HTML5 Zone is brought to you in partnership with:

Lakshan Perera hails from the sunny and sandy city of Colombo in Sri Lanka. He is part of Vesess Team, where he leads the development of CurdBee - a popular online invoicing application from small businesses and freelancers. Lakshan is a DZone MVB and is not an employee of DZone and has posted 4 posts at DZone. You can read more from them at their website. View Full User Profile

Revisiting JavaScript Objects

01.03.2013
| 7424 views |
  • submit to reddit

During the holidays, I spent some time catching up on the developments in ES6 (next version of JavaScript). While going through some of the proposals such as Minimal Class Definitions, Proxy API and Weak Maps; I noticed most of these enhancements make extensive use of the object manipulation features introduced in ES5 (ie. ECMAScript5 - the current JavaScript standard).

One of the main focuses of ES5, has been to improve the JavaScript's object structure and manipulation. The features it introduced do make lot of sense, especially if you're working with large and complex applications.

We've been little reluctant to adopt ES5 features, especially due to browser compatibility issues. We rarely see production code that make use of these features. However, all modern browsers (ie. IE9, FF4, Opera 12 & Chrome) do have JavaScript engines that implement the ES5 standard. Also, ES5 features can be used in Node.js based projects without any issue. So I think it would be a worthwhile exercise to revisit the ES5 object features and see how they can be useful in real-life scenarios.

Data and Accessor Properties

ES5 introduces two kinds of object properties - data and accessors. A data property directly maps a name to a value (eg. integer, string, boolean, array, object or a function). An accessor property maps a name to a defined getter and/or setter function.

var square = {
    length: 10,
    get area() { return this.length * this.length },
    set area(val) { this.length = Math.sqrt(val) }
}

Here we have defined a square object, with length as a data property and area as an accessor property.

> square.length
  10
> square.area
  100
> square.area = 400
  400 
> square.length
  20

When we access the area property, its getter will calculate and return the value in terms of the length property. Also, when we assign a value to area, its setter function will change the length property.

Property Descriptor

ES5 allows you to have more fine-grained control over the properties defined in an object. There's a special attribute collection associated with each property, known as the property descriptor.

You can check the attributes associated to a property by calling the Object.getOwnPropertyDescriptor method.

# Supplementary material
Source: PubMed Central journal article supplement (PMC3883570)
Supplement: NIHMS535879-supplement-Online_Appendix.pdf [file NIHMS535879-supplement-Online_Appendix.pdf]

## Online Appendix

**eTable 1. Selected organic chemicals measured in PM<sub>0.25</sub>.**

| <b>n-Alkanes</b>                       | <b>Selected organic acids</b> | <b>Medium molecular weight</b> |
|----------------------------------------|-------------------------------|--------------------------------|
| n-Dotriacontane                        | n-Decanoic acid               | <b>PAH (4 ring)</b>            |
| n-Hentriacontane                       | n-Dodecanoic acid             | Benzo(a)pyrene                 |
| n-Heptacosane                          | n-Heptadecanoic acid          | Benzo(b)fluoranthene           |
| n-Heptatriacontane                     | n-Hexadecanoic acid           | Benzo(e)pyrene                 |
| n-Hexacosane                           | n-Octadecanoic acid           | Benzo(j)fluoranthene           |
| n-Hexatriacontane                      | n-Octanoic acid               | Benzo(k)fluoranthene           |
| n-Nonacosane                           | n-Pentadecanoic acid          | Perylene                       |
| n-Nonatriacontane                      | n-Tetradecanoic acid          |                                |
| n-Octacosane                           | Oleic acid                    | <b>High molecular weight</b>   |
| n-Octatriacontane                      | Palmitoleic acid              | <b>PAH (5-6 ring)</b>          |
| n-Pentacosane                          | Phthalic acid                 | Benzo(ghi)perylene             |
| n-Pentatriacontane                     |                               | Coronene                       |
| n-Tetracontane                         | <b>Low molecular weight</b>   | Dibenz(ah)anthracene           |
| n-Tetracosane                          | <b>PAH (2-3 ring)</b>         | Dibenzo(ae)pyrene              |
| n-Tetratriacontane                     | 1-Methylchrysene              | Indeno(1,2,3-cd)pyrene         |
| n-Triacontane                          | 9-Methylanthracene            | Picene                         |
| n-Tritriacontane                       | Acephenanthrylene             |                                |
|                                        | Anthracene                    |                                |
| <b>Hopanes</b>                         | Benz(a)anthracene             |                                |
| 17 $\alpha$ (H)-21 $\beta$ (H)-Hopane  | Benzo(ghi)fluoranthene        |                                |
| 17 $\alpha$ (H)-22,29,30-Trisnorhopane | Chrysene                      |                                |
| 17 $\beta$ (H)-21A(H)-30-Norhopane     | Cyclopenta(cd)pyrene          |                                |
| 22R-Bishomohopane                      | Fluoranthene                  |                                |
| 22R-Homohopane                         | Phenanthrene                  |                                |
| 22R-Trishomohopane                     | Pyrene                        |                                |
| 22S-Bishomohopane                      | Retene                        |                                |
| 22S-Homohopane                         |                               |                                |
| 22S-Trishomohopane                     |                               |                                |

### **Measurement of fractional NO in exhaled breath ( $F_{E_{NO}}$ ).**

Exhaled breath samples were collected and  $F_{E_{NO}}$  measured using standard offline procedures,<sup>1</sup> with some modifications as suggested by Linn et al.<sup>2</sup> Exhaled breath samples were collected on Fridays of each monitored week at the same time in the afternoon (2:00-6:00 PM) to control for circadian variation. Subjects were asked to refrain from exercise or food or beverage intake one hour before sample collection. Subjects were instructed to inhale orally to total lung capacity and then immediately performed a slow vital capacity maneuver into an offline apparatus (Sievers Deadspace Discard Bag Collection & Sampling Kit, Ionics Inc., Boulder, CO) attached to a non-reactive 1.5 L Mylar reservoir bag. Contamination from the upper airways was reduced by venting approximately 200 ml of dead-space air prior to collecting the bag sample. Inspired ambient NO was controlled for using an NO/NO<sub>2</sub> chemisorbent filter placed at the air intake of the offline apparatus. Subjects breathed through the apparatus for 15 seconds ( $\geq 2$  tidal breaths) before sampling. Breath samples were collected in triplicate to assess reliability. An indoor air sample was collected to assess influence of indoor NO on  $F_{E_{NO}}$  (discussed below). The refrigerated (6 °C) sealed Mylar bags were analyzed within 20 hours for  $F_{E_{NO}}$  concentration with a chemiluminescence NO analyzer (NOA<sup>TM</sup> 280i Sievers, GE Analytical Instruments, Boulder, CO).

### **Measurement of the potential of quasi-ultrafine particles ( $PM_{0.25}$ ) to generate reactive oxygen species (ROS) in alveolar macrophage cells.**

> Object.getOwnPropertyDescriptor(square, "length")
{
    configurable: true
    enumerable: true
    value: 20
    writable: true
}

> Object.getOwnPropertyDescriptor(square, "area")
{
    configurable: true
    enumerable: true
    get: function area() { return this.length * this.length }
    set: function area(val) { this.length = Math.sqrt(val) }
}

As you can see from the above two examples - value and writeable attributes are only defined for data property descriptors, while get and/or set are defined for accessor property descriptors. Both configurable and enumerable attributes applies to any kind of property descriptor.

The writable attribute specify whether a value can be assigned to a property. If writable is false, property becomes read-only. As the name implies, configurable specifies whether the property's attributes are configurable and also whether the property can be deleted from the object (using the delete operation). The enumerable attribute determines whether the property should be visible in for..in loops or Object.keys methods.

We can modify these attributes in the property descriptor by using the Object.defineProperty method.

Object.defineProperty(square, "length", {
    value: 10,
    writable: false
});

This will make the length property in square read-only and permanently set to 10.

> square.length
  10
> square.area = 400
  400
> square.length
  10
> square.area
  100

Tamper-proof Objects

On some instances, you need to preserve the objects in its current state during the run-time without any further extensions or modifications to the properties. ES5 provides three levels of controls that you can apply to the objects.

Calling preventExtensions method will make the object non-extensible. This means no further properties can be defined for the object.

> Object.preventExtensions(square);

> Object.defineProperty(square, "text", { value: "hello" });
  TypeError: Cannot define property:text, object is not extensible.

Sealing the object, will prevent both defining of new properties and the deletion of existing properties in the object.

> Object.seal(square);

> delete square.length
  false

If we go one step further and freeze the object, it will also disallow changing the existing property values in the object. At this point, whole object effectively becomes a constant.

> Object.freeze(square);

> square.length = 20
  20 
> square.length
  10